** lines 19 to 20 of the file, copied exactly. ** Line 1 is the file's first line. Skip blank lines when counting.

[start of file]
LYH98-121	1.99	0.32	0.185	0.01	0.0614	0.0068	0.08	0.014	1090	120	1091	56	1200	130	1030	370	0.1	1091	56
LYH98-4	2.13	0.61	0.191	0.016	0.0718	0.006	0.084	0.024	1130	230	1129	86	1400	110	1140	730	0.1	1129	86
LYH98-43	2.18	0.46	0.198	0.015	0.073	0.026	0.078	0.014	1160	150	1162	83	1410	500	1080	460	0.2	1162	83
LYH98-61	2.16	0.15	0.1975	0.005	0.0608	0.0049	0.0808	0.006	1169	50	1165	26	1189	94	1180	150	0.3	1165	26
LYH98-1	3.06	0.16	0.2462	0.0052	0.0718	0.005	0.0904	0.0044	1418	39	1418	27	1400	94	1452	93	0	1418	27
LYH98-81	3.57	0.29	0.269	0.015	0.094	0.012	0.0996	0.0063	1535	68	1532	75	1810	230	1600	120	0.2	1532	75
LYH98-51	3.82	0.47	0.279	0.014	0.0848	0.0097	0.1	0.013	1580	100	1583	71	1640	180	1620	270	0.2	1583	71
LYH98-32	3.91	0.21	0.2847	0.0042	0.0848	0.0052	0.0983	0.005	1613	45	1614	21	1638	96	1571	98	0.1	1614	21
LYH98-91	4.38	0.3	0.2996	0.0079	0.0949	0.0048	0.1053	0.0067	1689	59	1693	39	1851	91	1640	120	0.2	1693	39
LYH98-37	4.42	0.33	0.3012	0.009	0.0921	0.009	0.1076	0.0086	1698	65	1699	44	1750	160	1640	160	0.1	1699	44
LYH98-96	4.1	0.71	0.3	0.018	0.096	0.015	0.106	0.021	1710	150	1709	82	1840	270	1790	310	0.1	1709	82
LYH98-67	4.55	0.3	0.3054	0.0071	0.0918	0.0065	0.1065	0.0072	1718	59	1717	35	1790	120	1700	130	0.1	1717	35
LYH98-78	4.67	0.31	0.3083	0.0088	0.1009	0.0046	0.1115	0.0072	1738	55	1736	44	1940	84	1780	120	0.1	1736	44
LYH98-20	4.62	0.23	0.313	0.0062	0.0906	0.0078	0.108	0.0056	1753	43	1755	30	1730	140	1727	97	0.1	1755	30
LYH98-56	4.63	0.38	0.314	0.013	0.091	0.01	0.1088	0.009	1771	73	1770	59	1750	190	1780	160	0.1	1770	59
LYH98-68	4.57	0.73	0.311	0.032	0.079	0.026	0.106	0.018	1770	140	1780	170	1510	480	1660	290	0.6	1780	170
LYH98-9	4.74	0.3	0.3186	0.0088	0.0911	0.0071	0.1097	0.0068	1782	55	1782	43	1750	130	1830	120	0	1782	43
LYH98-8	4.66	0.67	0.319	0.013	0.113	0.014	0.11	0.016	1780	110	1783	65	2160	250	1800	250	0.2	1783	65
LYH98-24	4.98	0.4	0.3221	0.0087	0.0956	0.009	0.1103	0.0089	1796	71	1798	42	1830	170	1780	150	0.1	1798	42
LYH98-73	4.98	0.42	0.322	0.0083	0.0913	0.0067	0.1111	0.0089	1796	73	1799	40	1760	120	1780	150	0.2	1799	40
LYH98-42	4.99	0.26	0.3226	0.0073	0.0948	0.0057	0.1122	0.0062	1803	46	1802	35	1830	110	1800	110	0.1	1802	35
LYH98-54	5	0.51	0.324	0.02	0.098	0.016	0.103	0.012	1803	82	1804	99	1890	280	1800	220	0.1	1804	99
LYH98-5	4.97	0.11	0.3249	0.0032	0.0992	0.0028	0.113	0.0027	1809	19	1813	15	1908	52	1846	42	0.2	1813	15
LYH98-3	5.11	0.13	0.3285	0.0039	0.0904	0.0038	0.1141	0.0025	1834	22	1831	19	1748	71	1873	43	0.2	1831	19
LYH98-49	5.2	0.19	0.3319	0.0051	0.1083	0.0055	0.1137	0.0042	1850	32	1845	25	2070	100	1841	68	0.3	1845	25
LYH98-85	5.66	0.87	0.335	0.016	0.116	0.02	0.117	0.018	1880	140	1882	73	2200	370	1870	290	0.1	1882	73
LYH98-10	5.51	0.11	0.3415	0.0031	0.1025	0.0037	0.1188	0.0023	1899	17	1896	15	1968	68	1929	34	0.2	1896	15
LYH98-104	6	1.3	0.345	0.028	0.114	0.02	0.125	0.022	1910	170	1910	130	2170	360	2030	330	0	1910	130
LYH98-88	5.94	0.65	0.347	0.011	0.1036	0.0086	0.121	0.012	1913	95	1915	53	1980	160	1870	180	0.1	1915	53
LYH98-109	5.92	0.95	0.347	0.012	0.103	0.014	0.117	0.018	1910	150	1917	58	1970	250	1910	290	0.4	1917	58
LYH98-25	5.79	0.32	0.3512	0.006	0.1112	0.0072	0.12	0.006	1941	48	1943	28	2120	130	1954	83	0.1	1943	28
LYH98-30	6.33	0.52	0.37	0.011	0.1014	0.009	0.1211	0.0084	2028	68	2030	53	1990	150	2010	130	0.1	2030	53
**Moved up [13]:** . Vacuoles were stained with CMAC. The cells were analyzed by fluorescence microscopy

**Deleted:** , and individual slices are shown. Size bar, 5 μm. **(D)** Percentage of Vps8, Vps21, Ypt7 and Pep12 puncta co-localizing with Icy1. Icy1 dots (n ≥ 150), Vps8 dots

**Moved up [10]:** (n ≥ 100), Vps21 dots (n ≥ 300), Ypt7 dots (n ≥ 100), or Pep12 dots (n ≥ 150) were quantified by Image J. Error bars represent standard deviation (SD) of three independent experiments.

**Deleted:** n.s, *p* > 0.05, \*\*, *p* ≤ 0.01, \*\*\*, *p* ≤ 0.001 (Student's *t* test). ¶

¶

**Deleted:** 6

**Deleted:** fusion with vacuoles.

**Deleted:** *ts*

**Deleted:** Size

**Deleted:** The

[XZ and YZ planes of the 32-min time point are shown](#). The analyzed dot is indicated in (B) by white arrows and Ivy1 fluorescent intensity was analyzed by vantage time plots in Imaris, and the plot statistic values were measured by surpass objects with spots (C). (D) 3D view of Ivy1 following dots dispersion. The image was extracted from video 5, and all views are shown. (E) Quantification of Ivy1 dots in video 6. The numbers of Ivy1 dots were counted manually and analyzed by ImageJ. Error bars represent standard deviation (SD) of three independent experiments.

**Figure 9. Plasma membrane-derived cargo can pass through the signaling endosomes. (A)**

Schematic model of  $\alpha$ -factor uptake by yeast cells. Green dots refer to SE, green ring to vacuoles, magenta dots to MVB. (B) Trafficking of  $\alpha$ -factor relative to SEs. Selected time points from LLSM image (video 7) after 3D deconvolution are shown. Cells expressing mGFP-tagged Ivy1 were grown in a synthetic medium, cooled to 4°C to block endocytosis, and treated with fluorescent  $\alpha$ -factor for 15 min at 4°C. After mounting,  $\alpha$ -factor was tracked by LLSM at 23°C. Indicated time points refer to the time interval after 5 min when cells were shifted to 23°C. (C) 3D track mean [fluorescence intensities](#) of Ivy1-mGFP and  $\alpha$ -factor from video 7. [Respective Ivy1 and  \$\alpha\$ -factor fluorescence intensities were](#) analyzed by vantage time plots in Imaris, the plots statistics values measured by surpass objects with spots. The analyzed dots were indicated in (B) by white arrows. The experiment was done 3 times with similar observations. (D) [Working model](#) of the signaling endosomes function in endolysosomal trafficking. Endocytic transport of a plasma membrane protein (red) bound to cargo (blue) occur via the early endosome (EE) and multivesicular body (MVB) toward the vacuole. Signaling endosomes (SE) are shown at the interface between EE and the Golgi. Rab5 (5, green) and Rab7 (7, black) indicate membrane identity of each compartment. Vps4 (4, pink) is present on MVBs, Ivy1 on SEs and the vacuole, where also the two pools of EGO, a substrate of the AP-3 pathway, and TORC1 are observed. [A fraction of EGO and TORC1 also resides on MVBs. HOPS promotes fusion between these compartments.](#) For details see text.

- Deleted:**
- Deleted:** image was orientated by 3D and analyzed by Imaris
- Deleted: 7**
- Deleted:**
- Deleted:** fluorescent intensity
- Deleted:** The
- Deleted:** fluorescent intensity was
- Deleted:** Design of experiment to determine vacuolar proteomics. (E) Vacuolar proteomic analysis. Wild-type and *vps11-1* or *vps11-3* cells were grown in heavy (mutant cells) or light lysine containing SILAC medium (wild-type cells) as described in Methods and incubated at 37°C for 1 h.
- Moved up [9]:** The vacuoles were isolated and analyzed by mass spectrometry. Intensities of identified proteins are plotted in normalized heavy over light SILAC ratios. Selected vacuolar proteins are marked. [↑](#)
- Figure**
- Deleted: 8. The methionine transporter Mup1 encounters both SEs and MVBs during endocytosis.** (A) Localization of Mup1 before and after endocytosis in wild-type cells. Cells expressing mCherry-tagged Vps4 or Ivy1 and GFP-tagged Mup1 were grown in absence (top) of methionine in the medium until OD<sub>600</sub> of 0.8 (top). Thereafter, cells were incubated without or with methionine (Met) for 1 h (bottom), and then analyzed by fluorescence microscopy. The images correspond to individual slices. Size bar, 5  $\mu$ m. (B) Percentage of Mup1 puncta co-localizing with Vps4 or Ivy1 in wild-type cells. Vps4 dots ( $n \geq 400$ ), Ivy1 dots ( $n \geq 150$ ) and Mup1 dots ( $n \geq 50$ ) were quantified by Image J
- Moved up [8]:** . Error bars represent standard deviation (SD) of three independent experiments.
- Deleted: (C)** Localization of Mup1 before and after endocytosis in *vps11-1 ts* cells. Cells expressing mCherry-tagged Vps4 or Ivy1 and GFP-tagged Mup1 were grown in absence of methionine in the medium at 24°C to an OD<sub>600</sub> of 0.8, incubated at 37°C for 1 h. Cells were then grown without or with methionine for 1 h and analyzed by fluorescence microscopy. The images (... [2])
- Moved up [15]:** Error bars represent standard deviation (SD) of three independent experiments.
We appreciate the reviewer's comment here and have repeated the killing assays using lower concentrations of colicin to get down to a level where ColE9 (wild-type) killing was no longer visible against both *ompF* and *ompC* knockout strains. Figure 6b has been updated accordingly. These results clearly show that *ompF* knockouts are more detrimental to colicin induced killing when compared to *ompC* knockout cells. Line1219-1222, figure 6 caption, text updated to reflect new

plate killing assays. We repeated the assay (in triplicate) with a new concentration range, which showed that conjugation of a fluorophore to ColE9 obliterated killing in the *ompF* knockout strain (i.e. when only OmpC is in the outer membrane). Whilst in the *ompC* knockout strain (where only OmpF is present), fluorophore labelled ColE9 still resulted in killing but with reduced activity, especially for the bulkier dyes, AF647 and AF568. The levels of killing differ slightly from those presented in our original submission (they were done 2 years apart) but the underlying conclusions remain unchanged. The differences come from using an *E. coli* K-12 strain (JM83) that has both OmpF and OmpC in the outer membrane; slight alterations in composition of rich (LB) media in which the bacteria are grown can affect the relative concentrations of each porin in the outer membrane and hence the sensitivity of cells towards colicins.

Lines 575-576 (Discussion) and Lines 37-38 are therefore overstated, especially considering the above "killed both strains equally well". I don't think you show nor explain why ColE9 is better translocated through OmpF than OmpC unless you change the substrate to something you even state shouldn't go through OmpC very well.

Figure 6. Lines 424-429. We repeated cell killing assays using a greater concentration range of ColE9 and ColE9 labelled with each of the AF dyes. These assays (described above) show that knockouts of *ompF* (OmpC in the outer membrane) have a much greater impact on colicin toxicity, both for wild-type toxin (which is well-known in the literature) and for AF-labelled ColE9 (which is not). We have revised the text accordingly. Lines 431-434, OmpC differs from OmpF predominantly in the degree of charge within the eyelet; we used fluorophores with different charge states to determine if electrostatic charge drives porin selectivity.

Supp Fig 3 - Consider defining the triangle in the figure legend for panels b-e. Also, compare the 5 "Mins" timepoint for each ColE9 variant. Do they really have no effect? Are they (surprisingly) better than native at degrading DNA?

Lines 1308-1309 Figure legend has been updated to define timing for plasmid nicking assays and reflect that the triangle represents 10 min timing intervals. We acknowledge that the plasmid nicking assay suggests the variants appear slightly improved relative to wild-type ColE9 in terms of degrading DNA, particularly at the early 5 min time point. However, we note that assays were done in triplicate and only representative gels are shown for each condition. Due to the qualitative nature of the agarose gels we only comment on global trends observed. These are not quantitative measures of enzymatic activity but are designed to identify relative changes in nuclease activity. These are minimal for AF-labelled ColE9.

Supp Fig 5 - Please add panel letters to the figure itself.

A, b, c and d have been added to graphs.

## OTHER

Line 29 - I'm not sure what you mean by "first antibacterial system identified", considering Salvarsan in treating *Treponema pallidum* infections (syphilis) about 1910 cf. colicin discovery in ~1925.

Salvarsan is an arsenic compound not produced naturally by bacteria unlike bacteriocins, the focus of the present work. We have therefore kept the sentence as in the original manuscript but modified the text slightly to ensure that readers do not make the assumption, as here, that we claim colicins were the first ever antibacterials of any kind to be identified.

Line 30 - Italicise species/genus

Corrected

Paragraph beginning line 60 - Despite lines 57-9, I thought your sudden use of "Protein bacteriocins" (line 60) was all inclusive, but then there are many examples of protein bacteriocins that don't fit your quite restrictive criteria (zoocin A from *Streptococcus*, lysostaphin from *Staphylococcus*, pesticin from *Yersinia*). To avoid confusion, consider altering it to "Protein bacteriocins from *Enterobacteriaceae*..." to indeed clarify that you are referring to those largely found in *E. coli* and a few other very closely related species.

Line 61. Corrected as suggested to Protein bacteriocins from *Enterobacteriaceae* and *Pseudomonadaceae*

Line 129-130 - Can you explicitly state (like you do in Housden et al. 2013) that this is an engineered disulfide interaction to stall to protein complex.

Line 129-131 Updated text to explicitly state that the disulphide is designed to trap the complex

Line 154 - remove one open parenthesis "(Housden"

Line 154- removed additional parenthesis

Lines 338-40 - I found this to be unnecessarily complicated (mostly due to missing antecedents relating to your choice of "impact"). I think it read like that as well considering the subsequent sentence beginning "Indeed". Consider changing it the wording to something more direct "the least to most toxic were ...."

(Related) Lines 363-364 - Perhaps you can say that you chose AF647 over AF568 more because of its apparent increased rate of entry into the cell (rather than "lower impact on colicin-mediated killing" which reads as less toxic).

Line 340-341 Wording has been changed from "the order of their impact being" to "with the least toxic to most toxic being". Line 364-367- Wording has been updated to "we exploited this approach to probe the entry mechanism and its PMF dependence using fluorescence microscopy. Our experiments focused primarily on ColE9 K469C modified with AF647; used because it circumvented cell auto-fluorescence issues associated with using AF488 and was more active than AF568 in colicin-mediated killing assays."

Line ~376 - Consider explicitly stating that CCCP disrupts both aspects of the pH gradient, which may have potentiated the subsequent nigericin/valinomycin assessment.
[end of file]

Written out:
LYH98-24	4.98	0.4	0.3221	0.0087	0.0956	0.009	0.1103	0.0089	1796	71	1798	42	1830	170	1780	150	0.1	1798	42
LYH98-73	4.98	0.42	0.322	0.0083	0.0913	0.0067	0.1111	0.0089	1796	73	1799	40	1760	120	1780	150	0.2	1799	40